Furthermore, Ramsay, Andrés, Mina and Keller are opening restaurants in luxury hotels, which have deep pockets for what they regard as necessary amenities.
At home, you can respond to rising food prices by dining more humbly, but that's not an option luxury restaurants can offer. Nor is raising prices on customers who are already feeling squeezed in other ways.
"Everyone wants to eat well, and everyone wants to have the best ingredients," says Myers, who has both high-end Sona and the more casual Comme Ça. "But when you find out what that really costs, it's astronomical. That's true whether you're shopping at Whole Foods and paying $100 for a bag of groceries or whether you're shopping for a restaurant. It all adds up."
Providence's Michael Cimarusti says his business is growing nicely -- his gross revenue is up about 8% from last year. But costs are up even more.
And it's not just exotics that are pricey. Citrin says he's paying more for staples such as milk and butter. "Flour is up 60%," he says. "You just have to be really disciplined about how much you buy, and you have to watch your cash flow."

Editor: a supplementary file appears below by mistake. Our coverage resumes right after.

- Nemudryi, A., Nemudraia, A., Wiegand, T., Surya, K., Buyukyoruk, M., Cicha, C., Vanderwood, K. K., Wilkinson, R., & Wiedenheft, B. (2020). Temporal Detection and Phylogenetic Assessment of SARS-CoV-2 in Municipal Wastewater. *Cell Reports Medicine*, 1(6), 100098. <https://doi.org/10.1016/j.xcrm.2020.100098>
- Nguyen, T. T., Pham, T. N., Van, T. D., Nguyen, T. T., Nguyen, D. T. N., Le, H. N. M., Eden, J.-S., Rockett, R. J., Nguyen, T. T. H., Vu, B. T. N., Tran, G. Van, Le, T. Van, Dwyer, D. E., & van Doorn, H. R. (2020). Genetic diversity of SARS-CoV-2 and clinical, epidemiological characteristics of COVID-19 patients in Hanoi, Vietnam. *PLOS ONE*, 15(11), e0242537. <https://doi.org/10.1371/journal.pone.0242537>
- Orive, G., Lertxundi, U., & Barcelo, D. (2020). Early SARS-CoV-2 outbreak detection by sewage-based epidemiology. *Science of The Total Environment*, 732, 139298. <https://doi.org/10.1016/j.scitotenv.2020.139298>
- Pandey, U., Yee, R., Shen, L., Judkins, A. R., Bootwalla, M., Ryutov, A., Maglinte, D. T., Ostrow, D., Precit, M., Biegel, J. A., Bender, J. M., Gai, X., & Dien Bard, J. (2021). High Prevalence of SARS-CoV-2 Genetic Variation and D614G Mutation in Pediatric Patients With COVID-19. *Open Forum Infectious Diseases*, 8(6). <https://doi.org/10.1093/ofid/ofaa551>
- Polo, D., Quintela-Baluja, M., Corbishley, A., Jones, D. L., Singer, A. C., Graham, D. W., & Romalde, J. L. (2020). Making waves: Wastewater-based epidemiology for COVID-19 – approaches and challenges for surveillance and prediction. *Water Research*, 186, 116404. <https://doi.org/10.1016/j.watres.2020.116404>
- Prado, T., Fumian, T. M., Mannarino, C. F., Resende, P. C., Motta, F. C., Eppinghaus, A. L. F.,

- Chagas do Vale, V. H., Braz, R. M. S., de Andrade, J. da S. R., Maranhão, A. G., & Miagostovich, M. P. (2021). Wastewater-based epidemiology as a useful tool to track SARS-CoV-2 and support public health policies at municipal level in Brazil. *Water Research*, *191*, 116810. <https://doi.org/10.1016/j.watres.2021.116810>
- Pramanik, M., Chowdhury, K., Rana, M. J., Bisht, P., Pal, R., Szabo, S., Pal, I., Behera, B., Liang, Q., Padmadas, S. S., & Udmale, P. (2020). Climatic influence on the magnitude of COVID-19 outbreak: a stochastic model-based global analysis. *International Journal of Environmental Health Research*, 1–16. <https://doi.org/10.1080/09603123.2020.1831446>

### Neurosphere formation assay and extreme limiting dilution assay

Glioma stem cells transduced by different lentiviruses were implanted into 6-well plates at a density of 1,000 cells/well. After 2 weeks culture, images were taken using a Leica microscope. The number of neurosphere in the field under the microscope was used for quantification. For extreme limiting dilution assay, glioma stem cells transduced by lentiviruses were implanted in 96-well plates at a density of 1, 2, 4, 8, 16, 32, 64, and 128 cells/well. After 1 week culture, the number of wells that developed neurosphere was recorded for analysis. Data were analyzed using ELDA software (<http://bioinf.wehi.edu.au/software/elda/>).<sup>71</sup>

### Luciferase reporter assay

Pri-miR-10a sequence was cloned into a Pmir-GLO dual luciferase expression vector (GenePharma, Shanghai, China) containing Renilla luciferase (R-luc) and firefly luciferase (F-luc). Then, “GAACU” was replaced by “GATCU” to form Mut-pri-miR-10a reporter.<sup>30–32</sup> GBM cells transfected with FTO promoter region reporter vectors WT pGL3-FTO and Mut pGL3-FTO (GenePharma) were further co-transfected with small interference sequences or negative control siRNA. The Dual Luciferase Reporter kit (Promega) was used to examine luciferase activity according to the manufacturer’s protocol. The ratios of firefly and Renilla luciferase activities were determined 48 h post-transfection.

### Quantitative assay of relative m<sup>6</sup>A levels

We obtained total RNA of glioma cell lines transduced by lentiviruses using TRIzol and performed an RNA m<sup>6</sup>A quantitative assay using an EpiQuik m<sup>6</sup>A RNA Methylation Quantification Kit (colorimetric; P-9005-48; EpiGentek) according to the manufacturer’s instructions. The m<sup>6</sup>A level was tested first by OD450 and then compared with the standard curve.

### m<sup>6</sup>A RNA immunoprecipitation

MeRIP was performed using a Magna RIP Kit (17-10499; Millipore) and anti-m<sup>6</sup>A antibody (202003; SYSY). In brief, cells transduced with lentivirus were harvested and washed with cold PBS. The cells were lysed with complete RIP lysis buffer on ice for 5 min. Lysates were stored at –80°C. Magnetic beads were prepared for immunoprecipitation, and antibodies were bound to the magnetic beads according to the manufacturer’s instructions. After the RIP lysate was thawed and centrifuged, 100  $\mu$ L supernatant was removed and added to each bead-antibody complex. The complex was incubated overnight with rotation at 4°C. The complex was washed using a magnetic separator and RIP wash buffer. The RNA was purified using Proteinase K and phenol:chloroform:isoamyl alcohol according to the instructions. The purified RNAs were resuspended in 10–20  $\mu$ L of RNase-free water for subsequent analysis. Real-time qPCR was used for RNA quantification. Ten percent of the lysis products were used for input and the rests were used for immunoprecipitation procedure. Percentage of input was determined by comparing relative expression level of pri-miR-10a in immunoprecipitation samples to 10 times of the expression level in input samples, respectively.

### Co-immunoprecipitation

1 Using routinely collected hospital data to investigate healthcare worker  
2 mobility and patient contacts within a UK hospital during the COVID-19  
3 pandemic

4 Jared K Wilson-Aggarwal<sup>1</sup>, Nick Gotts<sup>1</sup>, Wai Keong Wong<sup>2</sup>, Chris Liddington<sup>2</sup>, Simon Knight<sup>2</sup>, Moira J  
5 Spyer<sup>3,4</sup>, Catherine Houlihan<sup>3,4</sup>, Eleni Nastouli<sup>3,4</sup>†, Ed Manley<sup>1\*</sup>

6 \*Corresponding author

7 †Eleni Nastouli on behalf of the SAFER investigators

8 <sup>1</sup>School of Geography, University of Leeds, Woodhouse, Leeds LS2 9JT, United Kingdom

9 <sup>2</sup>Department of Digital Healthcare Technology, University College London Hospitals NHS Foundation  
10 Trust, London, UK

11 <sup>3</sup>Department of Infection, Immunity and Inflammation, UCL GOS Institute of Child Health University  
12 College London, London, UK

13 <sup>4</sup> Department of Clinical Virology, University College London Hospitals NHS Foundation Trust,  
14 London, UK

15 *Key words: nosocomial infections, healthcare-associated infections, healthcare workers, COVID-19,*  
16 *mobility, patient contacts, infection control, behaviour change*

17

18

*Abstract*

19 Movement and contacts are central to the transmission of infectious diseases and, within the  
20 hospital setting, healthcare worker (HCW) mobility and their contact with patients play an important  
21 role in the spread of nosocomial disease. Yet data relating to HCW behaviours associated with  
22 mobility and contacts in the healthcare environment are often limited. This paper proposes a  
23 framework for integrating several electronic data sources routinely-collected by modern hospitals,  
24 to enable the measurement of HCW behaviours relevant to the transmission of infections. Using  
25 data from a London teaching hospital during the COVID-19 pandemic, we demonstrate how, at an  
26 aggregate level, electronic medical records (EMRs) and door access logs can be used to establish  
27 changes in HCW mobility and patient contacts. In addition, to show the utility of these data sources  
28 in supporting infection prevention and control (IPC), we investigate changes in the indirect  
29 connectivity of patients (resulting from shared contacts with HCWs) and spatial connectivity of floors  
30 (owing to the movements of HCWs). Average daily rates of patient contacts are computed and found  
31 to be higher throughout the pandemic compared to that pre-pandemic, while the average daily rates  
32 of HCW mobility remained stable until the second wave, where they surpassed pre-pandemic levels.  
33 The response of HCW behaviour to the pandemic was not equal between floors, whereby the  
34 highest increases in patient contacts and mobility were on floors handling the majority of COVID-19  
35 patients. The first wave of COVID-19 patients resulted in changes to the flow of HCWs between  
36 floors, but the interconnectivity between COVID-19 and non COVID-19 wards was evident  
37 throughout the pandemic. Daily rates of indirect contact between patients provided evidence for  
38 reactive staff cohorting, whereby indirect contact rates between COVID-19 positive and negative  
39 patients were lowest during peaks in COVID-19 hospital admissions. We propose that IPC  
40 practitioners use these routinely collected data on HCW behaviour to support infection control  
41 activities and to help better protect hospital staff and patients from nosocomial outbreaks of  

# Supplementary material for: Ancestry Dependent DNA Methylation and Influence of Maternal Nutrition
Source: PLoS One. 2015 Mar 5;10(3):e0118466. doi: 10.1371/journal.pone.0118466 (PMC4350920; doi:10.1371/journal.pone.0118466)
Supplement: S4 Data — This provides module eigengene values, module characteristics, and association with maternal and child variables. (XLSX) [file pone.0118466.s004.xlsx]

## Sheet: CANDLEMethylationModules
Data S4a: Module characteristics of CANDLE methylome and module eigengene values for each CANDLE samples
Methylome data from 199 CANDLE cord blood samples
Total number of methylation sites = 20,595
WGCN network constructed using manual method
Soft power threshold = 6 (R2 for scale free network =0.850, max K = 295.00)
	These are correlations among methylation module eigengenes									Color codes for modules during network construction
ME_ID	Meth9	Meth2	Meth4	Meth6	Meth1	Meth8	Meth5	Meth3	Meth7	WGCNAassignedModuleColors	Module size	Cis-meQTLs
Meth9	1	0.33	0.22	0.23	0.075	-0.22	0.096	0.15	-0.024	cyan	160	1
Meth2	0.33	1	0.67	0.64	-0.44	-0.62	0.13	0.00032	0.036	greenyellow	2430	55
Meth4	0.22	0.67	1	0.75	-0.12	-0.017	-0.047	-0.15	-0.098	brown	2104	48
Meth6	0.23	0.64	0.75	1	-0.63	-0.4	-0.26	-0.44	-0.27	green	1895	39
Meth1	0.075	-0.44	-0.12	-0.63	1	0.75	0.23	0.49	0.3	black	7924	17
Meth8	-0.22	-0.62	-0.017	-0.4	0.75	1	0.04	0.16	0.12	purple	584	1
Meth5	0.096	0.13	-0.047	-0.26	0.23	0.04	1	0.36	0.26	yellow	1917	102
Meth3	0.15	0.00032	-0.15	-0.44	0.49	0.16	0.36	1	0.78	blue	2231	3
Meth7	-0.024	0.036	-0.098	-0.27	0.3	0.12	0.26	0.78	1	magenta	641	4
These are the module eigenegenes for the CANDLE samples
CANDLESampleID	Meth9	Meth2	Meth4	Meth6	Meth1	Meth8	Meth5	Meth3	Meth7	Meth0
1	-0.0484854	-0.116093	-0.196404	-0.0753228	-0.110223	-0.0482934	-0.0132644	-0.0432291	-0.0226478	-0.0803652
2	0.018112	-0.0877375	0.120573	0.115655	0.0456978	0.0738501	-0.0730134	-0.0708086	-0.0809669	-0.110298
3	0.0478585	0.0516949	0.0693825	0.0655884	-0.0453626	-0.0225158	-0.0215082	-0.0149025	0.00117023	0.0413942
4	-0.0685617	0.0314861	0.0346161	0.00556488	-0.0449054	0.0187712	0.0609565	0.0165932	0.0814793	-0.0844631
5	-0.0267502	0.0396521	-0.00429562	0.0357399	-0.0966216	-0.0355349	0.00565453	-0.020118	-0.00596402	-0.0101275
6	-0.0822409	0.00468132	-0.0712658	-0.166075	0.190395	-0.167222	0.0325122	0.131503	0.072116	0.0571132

Another sticking point is paying cooks and waiters. It costs just as much to staff a restaurant that is three-fourths full as it does one that is packed. As a result of those and other fixed costs such as laundry and utilities, Citrin says Melisse's expenses have risen by almost 13% in the last year.
"What was a good week last year may not be a good week anymore," he says.
Keep diners happy
IN THE end, Colicchio says, it's focusing on old-fashioned culinary values that will pull restaurants through, not marketing wizardry or financial trickery.
"You're not going to make it by buying inferior products or by cutting staff back so much that they're running around and not offering good service," he says. "If you're a quality restaurant, you have to continue to meet those standards. If you don't, you're going to lose customers and they won't come back when times get better.
"Remember, we're in the hospitality business and the implication is that we're here to nourish people's stomachs, but also somehow to make them feel better when they leave than when they came in. That's especially true these days when everyone's sitting there watching their 401(k)s dwindle."